Congress is not without authority of course, at least on paper. The War Powers Act purports to limit the ability of the President to sent troops into coming without Congressional support. As I noted last week, though, the Act actually give the President a great deal of discretion while simultaneously placing Congress in a near impossible situation:As summarized by Wikipedia, the Act “requires the president to notify Congress within 48 hours of committing armed forces to military action and forbids armed forces from remaining for more than 60 days, with a further 30 day withdrawal period, without an authorization of the use of military force or a declaration of war.” The advantages to the President here seem obvious. As long as he notifies Congress, the President has the legal authority to engage in virtually any military action he desires. If that action is still ongoing 90 days later, then Congress is left with the option of cutting off funding to troops in the field after they’ve already been committed — and if a President refused to withdraw troops does anyone really believe that any Court anywhere would require him to do it?
The Obama Administration, of course, is taking the position that they don’t even need to worry about the War Powers Act, which has Ed Morrissey wondering:
Isn’t he required under the War Powers Act to seek congressional authorization after 60 days of hostilities? Or is this guy so intent on waging war whether Congress likes it or not that he’d go to court to try to have the WPA ruled unconstitutional? Normally I’d dismiss that possibility as insane given that he did, after all, run in ’08 on his anti-war cred and that not even a Republican president would dare pull a move like that amid bipartisan clamoring for accountability, but I don’t know that anything can be safely ruled out at this point.
The reality, though, is that every President since Richard Nixon has taken the position that the War Powers Act is unconstitutional because is infringes on the President’s powers as Commander in Chief. Obama is merely adopting the position of his predecessors, and while it may seem odd that a President who ran against the Iraq War to be acting like this, it is not at all surprising. Once they have been asserted, Executive Branch privileges are seldom curtailed, and this is but one more example of how Barack Obama has presumed to protect Presidential prerogatives even if that goes against his previously stated principles. Truly, nobody should be surprised.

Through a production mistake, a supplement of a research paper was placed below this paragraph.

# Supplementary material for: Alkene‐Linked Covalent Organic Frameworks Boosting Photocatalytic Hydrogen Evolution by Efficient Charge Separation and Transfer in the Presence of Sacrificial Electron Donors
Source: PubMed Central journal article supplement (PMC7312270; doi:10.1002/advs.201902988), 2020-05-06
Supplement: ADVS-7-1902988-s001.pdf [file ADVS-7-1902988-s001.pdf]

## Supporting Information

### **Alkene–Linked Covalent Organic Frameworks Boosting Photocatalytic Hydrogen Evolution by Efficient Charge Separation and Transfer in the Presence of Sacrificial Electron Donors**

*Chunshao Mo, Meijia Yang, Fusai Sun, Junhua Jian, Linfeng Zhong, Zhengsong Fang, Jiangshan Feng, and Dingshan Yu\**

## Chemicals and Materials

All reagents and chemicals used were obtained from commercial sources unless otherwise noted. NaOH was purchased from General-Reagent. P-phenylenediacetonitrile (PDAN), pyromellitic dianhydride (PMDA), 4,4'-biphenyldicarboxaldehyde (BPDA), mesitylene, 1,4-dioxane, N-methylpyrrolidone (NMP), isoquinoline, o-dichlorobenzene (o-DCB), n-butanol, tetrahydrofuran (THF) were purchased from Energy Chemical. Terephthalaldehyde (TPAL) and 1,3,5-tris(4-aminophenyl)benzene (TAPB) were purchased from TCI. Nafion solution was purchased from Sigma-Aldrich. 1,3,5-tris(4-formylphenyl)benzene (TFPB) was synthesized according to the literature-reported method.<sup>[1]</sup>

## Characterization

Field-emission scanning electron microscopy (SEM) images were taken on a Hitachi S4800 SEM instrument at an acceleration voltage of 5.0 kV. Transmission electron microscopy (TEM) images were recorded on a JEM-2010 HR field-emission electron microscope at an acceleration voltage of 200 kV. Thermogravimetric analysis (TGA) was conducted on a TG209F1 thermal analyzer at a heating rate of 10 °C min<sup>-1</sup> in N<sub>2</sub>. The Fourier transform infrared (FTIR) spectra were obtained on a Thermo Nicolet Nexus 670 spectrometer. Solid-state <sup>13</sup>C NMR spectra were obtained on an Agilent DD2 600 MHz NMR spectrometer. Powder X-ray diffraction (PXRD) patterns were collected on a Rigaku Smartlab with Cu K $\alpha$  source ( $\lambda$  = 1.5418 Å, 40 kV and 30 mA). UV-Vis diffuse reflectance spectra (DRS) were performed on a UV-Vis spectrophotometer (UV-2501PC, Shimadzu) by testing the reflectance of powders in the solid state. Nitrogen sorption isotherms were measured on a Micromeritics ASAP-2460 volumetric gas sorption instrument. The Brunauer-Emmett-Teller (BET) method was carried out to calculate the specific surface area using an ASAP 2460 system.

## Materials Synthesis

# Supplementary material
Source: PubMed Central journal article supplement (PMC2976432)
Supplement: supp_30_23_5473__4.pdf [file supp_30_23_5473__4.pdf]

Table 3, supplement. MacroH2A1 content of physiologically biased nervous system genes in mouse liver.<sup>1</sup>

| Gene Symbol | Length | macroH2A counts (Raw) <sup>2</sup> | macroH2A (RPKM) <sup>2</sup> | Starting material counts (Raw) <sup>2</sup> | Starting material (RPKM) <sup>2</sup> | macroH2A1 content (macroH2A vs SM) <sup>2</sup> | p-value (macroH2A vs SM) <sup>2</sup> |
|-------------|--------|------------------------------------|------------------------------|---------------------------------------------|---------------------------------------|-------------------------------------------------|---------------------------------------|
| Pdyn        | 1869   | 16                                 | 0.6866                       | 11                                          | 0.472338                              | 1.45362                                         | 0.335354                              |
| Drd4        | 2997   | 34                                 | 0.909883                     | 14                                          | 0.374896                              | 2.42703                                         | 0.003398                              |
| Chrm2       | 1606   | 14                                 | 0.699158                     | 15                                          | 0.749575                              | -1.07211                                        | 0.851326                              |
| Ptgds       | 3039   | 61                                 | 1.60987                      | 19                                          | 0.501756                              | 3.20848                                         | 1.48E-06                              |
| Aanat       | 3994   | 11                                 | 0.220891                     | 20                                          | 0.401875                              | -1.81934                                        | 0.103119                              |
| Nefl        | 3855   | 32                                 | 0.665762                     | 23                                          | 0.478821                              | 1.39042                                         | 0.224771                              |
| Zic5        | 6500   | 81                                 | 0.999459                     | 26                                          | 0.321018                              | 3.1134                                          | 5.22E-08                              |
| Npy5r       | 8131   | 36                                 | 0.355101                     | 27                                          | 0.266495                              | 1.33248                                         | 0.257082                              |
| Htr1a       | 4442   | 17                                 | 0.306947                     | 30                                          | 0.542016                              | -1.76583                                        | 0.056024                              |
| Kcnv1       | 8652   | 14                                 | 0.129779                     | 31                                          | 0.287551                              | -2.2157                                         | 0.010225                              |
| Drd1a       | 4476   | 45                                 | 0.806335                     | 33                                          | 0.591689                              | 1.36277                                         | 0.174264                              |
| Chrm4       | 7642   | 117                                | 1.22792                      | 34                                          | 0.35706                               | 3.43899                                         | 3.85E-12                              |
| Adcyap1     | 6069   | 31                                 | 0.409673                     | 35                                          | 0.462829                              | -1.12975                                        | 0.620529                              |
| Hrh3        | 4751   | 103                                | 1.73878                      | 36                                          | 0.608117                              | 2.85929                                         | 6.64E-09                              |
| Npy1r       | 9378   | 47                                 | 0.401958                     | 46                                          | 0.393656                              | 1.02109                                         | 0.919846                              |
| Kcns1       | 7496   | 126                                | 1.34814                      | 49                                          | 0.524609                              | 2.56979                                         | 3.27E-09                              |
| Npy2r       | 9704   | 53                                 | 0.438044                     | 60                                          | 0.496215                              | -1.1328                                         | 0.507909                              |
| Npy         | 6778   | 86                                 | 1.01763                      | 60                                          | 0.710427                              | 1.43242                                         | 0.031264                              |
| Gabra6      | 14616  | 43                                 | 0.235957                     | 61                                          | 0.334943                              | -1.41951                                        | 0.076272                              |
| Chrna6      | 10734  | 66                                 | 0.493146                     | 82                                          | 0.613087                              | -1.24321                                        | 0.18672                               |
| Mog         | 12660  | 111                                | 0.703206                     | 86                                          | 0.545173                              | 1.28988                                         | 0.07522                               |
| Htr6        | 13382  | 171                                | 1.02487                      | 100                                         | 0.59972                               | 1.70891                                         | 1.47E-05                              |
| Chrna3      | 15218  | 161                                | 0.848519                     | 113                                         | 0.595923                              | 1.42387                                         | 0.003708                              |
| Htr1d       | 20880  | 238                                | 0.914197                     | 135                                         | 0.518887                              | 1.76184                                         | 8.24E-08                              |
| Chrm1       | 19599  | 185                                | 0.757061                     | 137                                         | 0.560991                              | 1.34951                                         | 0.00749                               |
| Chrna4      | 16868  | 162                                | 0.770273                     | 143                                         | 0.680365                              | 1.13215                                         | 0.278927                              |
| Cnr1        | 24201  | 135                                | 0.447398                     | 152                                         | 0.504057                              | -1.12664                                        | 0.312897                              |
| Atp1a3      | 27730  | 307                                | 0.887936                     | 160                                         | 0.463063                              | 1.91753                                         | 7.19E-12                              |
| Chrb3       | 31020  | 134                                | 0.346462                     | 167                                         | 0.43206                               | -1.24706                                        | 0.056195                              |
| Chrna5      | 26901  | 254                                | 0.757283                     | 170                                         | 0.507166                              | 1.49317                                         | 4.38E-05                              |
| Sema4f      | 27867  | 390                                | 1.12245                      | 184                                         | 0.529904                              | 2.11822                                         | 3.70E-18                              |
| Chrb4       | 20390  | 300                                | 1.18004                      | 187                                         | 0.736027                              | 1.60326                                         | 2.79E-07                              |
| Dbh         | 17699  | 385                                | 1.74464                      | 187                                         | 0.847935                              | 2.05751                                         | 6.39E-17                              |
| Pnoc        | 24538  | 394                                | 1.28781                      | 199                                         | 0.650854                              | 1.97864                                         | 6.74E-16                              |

As for what will happen with regard to Libya, I think that’s pretty easy to figure out. Congress will do nothing. With American forces committed abroad, and the increasing possibility that ground troops may be necessary at some point, no Congress is going to step in and tel the President he can’t do this, no matter how much they believe that to be the case.
There is much to complain about in the fact that President Obama has continued the tradition of the Imperial Presidency that started to take root under Woodrow Wilson, but the reality is that none of this happened for nefarious reasons, it happened because Congress and the American people let it happen. If we’re ever going to bring things back to the way they are supposed to be, we’re going to have to follow the advice that Gene Healy laid out in his excellent book n The Cult of the Presidency: America’s Dangerous Devotion to Executive Power:
“Perhaps, with wisdom born of experience, we can come once again to value a government that promises less, but delivers far more of what it promises. Perhaps we can learn to look elsewhere for heroes. But if we must look to the Presidency for heroism, we ought to learn once again to appreciate a quieter sort of valor. True political heroism rarely pounds its chest or pounds the pulpit, preaching rainbows and uplift, and promising to redeem the world through military force. A truly heroic president is one who appreciates the virtues of restraint — who is bold enough to act when action is necessary yet wise enough, humble enough to refuse powers he ought not have. That is the sort of presidency we need, now more than ever.
And we won’t get that kind of presidency until we demand it.”